At the turn of the twentieth century, El Paso seemed the most natural location for a school of mines. Located at the Paso del Norte, a spot that provided a convenient crossing for not one but four transcontinental railroads and a one major interior railroad to the Mexican capital, El Paso found itself a rapidly growing city in support of the mining industry in the region. In addition to excellent rail transportation, the city boasted one of the world’s largest smelters and many mine supply companies. It is here in El Paso that many of its citizens—newspaper publishers, lawyers, elected officials, and, especially, business owners—determined to establish a mining school, organized and run by the state of Texas, for the benefit of their children within their community.
At the turn of the 20th century, mining and metallurgy schools represented the pinnacle of technical education in not only the United States, but throughout the world. The Texas legislature, despite having a state constitution that called for the provision of education within the state, was reticent to spend money on new schools of higher education. Over a span of ten years, from 1903 through 1913, the citizens of El Paso managed to persuade the reluctant legislatures to open not a new school of higher education, but a school of mines, thus overcoming their biases against spending state money on colleges.
The State School of Mines and Metallurgy opened on September 28, 1914, with its first class of twenty-seven students. In 1916, a devastating fire destroyed the main building of the school at its first location adjacent to Ft. Bliss. By 1918, the school had relocated to its current site on the western foothills of the Franklin Mountains, just above Mundy Heights. Here, a new set of wonderful buildings arose, inspired by the architectural designs of the Himalayan kingdom of Bhutan.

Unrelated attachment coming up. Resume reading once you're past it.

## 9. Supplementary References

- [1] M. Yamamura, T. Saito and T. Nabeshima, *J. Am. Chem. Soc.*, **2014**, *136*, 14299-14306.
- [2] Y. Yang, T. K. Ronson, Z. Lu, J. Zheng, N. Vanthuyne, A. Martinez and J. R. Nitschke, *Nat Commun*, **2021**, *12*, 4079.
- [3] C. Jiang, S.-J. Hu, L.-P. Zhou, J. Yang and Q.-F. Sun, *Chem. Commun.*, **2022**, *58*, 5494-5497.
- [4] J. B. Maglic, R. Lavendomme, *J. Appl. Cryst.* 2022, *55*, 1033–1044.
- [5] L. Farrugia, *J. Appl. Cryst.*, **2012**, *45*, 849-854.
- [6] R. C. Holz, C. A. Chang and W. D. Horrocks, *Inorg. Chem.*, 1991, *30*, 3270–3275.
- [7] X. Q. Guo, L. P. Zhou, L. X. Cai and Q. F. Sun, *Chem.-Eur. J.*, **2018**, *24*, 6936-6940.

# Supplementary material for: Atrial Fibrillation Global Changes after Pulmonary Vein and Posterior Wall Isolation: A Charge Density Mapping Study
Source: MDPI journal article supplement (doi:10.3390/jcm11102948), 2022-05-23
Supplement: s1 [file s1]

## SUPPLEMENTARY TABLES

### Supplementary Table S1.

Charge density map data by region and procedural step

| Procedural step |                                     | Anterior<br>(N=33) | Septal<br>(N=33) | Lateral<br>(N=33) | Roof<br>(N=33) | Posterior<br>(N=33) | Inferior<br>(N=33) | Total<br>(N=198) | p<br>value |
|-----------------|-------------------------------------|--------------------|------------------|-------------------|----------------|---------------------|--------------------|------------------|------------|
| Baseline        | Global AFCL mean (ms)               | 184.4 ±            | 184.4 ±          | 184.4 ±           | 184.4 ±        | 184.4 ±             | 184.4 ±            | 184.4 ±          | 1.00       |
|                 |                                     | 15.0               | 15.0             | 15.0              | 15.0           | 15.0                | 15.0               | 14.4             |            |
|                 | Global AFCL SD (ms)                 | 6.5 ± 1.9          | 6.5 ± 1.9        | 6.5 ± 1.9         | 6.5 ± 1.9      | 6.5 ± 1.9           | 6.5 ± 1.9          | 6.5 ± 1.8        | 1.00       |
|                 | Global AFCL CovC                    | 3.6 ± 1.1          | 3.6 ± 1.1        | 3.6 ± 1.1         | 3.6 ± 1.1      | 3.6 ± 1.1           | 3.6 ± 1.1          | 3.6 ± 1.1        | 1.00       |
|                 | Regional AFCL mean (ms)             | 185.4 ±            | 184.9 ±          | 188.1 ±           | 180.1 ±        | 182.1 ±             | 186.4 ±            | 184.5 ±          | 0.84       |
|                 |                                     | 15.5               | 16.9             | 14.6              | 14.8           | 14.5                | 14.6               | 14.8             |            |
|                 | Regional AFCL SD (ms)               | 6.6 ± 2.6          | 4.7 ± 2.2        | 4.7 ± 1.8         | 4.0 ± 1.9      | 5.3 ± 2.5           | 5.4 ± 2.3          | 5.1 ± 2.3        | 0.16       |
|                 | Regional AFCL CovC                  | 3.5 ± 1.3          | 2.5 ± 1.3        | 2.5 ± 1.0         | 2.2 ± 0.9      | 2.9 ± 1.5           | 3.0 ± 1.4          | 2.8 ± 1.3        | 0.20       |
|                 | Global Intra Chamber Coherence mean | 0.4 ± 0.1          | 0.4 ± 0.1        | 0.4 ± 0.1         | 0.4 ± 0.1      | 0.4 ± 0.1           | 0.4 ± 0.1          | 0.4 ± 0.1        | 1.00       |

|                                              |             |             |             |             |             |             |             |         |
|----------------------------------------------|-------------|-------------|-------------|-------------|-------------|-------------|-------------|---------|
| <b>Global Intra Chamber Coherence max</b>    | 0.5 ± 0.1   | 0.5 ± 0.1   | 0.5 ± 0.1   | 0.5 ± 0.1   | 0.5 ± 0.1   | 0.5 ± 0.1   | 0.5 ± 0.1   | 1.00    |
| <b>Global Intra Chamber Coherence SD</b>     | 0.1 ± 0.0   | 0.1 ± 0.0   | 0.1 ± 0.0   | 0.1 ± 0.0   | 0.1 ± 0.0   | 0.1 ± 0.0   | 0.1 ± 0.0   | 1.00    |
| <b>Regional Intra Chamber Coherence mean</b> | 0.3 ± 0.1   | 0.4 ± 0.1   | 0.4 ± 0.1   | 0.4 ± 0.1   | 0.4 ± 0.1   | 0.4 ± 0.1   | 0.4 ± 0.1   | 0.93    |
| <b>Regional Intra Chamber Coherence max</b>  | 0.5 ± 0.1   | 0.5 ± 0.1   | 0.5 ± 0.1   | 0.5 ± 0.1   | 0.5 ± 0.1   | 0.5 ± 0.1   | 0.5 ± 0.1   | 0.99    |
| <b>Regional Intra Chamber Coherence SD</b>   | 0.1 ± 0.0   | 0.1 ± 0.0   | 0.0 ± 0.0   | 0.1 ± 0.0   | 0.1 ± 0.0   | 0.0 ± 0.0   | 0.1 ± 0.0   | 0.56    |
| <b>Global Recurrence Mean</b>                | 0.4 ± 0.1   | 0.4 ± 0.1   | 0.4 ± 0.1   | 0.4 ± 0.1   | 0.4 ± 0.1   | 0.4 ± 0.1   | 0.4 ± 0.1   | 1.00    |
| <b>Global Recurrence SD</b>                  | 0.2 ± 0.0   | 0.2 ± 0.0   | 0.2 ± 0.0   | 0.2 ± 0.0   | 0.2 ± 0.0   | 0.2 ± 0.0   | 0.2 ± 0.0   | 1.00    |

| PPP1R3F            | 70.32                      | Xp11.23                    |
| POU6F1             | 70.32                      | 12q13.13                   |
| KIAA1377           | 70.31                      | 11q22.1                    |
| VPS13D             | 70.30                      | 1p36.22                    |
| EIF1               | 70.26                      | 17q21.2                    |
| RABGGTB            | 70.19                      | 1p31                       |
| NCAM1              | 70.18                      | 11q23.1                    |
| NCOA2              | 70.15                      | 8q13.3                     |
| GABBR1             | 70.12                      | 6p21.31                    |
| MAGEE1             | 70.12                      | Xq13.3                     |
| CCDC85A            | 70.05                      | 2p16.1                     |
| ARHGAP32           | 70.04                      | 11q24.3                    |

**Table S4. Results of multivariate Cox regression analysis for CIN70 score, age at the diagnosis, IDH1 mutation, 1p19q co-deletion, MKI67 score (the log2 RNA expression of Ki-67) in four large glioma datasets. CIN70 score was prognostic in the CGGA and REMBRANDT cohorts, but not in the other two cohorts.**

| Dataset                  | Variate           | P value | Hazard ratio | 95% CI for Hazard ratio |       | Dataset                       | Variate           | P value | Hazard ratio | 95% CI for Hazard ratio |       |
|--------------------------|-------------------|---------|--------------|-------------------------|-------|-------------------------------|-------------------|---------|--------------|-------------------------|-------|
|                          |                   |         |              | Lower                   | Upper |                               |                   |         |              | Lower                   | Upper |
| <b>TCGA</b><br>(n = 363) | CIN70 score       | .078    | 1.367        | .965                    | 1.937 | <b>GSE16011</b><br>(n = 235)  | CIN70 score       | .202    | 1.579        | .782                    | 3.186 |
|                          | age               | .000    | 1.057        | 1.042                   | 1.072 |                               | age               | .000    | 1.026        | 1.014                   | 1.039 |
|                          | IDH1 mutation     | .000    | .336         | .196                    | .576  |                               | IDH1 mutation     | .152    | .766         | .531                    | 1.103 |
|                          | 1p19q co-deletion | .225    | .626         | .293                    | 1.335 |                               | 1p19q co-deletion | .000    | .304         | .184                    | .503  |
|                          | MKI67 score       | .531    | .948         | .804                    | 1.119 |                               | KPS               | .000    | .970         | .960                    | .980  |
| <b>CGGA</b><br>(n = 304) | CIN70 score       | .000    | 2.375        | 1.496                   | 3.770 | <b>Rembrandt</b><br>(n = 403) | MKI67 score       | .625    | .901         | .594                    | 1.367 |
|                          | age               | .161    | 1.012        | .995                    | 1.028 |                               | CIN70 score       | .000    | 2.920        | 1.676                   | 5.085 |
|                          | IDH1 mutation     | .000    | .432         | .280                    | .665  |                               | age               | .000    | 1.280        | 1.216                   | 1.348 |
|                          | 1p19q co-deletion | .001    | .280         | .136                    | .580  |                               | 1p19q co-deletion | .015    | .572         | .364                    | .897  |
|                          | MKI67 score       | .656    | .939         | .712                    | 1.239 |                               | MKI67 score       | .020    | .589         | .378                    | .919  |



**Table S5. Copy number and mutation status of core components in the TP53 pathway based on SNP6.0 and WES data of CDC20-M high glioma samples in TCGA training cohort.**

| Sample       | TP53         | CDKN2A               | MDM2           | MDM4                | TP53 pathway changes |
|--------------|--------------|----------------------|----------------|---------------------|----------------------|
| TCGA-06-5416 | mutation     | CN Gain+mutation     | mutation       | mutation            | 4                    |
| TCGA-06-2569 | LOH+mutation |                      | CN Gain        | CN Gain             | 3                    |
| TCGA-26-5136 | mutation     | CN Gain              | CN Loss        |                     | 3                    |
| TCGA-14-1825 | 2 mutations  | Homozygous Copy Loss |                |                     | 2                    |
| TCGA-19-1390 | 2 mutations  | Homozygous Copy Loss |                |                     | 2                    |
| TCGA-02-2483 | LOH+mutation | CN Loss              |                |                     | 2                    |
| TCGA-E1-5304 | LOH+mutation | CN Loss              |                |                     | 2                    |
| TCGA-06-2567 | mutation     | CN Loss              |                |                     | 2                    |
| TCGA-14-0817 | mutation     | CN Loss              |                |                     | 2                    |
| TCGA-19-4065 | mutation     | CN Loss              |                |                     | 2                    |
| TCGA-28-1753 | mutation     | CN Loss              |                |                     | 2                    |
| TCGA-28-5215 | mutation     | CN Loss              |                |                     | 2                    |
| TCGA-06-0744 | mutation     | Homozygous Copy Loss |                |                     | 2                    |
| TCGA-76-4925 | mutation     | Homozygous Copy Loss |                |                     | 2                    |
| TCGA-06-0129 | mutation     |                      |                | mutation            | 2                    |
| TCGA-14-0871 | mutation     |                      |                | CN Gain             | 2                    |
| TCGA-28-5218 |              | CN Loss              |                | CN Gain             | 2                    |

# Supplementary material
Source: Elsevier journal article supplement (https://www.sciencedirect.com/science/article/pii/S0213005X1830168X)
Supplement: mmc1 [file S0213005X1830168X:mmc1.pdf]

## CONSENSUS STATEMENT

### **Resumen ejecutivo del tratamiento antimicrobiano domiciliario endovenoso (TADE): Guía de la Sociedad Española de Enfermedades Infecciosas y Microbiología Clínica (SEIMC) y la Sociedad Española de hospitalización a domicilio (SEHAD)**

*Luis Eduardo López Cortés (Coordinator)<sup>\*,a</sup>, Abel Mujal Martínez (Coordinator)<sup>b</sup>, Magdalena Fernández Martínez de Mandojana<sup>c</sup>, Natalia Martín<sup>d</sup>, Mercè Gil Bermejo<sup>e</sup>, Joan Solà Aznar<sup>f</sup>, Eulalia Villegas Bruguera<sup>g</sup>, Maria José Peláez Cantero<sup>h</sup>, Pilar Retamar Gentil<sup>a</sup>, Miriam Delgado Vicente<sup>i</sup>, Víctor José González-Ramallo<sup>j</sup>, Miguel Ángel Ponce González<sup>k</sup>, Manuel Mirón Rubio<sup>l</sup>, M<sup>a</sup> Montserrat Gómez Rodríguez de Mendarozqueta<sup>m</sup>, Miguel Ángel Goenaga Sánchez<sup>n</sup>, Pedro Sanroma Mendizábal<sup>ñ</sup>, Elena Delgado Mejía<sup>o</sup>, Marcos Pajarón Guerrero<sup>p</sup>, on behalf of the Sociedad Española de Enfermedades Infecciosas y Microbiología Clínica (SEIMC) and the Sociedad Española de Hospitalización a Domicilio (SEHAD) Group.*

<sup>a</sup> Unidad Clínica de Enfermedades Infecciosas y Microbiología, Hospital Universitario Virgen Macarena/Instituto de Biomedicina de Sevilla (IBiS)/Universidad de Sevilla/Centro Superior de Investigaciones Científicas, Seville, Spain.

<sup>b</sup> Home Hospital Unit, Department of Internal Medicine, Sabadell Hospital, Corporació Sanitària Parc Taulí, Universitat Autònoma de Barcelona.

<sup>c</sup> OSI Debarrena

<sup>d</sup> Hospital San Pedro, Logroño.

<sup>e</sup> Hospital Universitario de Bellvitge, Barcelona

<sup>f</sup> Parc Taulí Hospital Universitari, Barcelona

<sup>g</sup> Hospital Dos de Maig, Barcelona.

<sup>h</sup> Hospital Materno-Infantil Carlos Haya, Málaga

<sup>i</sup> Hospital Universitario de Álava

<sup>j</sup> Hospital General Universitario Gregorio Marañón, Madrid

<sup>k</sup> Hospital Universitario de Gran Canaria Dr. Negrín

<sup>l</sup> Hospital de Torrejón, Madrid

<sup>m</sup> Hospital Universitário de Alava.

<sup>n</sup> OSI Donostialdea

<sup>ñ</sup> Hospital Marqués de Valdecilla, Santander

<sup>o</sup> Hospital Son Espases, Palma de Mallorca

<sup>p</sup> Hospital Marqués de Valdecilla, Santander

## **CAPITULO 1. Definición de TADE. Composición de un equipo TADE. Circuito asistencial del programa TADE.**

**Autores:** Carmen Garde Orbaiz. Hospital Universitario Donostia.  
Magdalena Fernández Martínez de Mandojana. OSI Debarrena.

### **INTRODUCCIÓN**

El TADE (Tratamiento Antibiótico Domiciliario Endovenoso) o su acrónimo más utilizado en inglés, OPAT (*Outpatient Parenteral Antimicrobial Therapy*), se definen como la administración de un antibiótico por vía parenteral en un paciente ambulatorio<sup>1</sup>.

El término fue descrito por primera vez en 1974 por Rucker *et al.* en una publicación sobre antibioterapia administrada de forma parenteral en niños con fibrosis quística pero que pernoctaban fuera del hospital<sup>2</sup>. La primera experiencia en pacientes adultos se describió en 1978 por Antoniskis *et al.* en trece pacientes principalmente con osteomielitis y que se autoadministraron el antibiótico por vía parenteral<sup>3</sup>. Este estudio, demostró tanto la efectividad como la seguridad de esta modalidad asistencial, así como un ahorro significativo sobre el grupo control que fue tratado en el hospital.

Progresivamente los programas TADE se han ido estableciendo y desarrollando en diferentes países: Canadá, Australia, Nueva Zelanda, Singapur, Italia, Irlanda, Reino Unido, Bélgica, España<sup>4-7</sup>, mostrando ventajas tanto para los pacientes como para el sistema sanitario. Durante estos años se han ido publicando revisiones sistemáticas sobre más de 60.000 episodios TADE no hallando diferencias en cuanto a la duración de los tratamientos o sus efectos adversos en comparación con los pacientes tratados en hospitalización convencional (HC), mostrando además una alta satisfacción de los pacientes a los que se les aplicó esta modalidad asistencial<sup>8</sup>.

From its very beginning, it sought to meet the demands of the residents of the Paso del Norte region, transforming itself numerous times. Beginning as a small technical college, UTEP would transform itself within 15 years to a junior college, then to a four-year college in the 1930s, and, ultimately, arrive at the threshold of being recognized as a Tier One research university in the twenty-first century, a mere one hundred years after its founding. UTEP’s story is one of diversity, distance, and dedication. From this corner of the state, UTEP made history in ways that other community within Texas could.
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